So, here’s the deal: we live in a world filled with acronyms, right? I think most of us are accustomed to this, and pretty much ok with this way of life. We can laugh about it at the water cooler, which doesn’t make it less painfully true, but at least we share the pain with our fellow human telco beings.
The problem, however, is that some of the acronyms mean real things and some don’t. And some are somewhere in between. I have lived through 2G, 3G and 4G and can quite comfortably talk about things like a BTS, an RNC, and a PGW. I can share a room with words like SIP, GTP and ISUP without getting uneasy. I know what they mean, not just what the letters stand for.
There have always been somewhat ambiguous words and then we’ve had to deal with that. The more they are, though, and the more important they are, the ambiguity rises to become actual real-life problems.
There are currently a few big revolutions happening in the world of telecommunications. If I mention Cloud, Virtualization, SDN and 5G, I’m quite sure you’ve at least heard these words before. But what do they actually mean? None of these words are in any way reserved or owned and their meaning is not controlled by any organization in the world.
- 5G – Is it the 3GPP specifications or is it more of a concept/era/way of life/conglomerate of a multitude of technologies? Is it just a marketing label on evolved “old” technology?
- Virtualization – Is it just hypervisors or are containers part of it? Is Dropbox virtual storage or not?
- Cloud – Is it just… well, what the heck is it? I mean, really?
- SDN – Aha, this is where I would like to focus your attention in this article.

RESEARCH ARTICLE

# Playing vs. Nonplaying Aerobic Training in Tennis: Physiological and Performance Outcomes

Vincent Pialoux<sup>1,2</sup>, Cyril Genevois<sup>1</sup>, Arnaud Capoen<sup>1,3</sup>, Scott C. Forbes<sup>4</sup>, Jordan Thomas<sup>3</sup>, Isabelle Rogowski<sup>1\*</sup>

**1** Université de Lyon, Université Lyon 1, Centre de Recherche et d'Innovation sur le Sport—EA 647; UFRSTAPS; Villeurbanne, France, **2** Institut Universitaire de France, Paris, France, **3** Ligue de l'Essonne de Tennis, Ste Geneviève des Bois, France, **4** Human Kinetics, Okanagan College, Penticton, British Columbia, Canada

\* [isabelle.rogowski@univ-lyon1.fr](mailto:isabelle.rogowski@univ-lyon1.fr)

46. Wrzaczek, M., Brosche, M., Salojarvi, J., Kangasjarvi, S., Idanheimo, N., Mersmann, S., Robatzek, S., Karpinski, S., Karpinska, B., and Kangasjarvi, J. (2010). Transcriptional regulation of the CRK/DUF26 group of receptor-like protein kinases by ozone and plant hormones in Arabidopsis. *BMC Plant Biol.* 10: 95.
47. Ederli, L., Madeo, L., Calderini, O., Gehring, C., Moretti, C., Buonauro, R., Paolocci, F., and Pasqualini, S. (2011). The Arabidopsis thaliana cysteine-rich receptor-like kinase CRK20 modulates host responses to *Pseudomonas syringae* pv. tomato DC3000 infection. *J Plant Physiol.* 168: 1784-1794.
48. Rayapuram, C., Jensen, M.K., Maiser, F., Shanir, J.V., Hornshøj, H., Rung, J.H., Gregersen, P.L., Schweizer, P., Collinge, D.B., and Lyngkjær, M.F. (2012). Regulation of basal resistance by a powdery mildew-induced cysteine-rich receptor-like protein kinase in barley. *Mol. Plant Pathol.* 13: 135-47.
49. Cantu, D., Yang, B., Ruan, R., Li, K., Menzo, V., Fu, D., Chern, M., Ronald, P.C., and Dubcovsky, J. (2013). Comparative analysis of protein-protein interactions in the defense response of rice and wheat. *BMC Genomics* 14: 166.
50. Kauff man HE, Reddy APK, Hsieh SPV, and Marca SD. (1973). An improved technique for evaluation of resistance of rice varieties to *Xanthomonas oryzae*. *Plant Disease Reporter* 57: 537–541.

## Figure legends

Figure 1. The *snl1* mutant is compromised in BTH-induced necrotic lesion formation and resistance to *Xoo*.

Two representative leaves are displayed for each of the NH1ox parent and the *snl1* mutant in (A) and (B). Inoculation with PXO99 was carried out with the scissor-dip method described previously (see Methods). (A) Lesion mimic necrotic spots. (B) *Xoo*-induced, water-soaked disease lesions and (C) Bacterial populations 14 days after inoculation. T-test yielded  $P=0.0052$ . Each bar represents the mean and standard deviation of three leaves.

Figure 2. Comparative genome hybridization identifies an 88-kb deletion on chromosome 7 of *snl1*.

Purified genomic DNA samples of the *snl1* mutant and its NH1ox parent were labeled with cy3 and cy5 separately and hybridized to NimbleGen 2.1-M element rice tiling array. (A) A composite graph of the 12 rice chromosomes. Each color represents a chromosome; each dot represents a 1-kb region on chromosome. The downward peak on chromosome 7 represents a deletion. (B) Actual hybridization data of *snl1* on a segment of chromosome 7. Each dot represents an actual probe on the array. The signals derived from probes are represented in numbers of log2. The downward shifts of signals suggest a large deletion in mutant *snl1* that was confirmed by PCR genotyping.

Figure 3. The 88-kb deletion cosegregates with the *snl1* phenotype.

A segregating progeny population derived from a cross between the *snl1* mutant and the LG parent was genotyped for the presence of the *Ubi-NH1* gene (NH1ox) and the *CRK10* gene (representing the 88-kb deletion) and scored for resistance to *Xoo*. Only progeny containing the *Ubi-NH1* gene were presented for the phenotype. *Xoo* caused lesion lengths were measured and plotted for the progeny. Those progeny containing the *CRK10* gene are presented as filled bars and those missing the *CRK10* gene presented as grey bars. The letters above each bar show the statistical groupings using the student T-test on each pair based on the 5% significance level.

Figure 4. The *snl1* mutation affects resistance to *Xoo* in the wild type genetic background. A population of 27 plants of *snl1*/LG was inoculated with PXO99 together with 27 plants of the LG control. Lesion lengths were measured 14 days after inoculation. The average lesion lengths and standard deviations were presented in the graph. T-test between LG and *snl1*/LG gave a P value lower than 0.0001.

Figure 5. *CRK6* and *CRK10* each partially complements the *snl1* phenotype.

One easy way to answer all of this would be to say: just take our “Cloud, NFV and SDN” training, and life will be so much easier in all imaginable ways for you. And while that may be true, it would be such a short article, so with your permission I’ll elaborate a little more right here.
SDN means Software-Defined Networking
So we know that there’s software involved and some form of networking. Before I go on, let me just make it brain-numbingly clear that SDN is not a well-defined word. The meaning of the letters in the acronym are universally agreed-upon, it’s “Software-Defined Networking”, but what that exactly means is very much up for debate. Software could be any form of software, in a separate controller or built-into a device, and networking could be any form of network.
The software in SDN is usually taken to mean a controller computer program installed somewhere affecting the behavior in other nodes, someplace else. Networking is, again usually, taken to mean the routing of data packets in a packet data network such as a TCP/IP network.
A trivial picture of SDN could be this.
A group of generic packet-forwarding boxes, centrally managed by a controller (that’s where the software in SDN is). The controller is making the boxes behave in such a way that they replicate the function of an old, old-fashioned, network (left side of the picture) where all packet forwarding was done with semi-static logic on specially designed hardware (switches and routers and firewalls etc.).
A different interpretation of SDN could be software in clever endpoints (the VMs in the picture) that set up tunnels to other clever endpoints. The tunnels are quite smart and flexible, and movable, but the underlying network doesn’t have to be.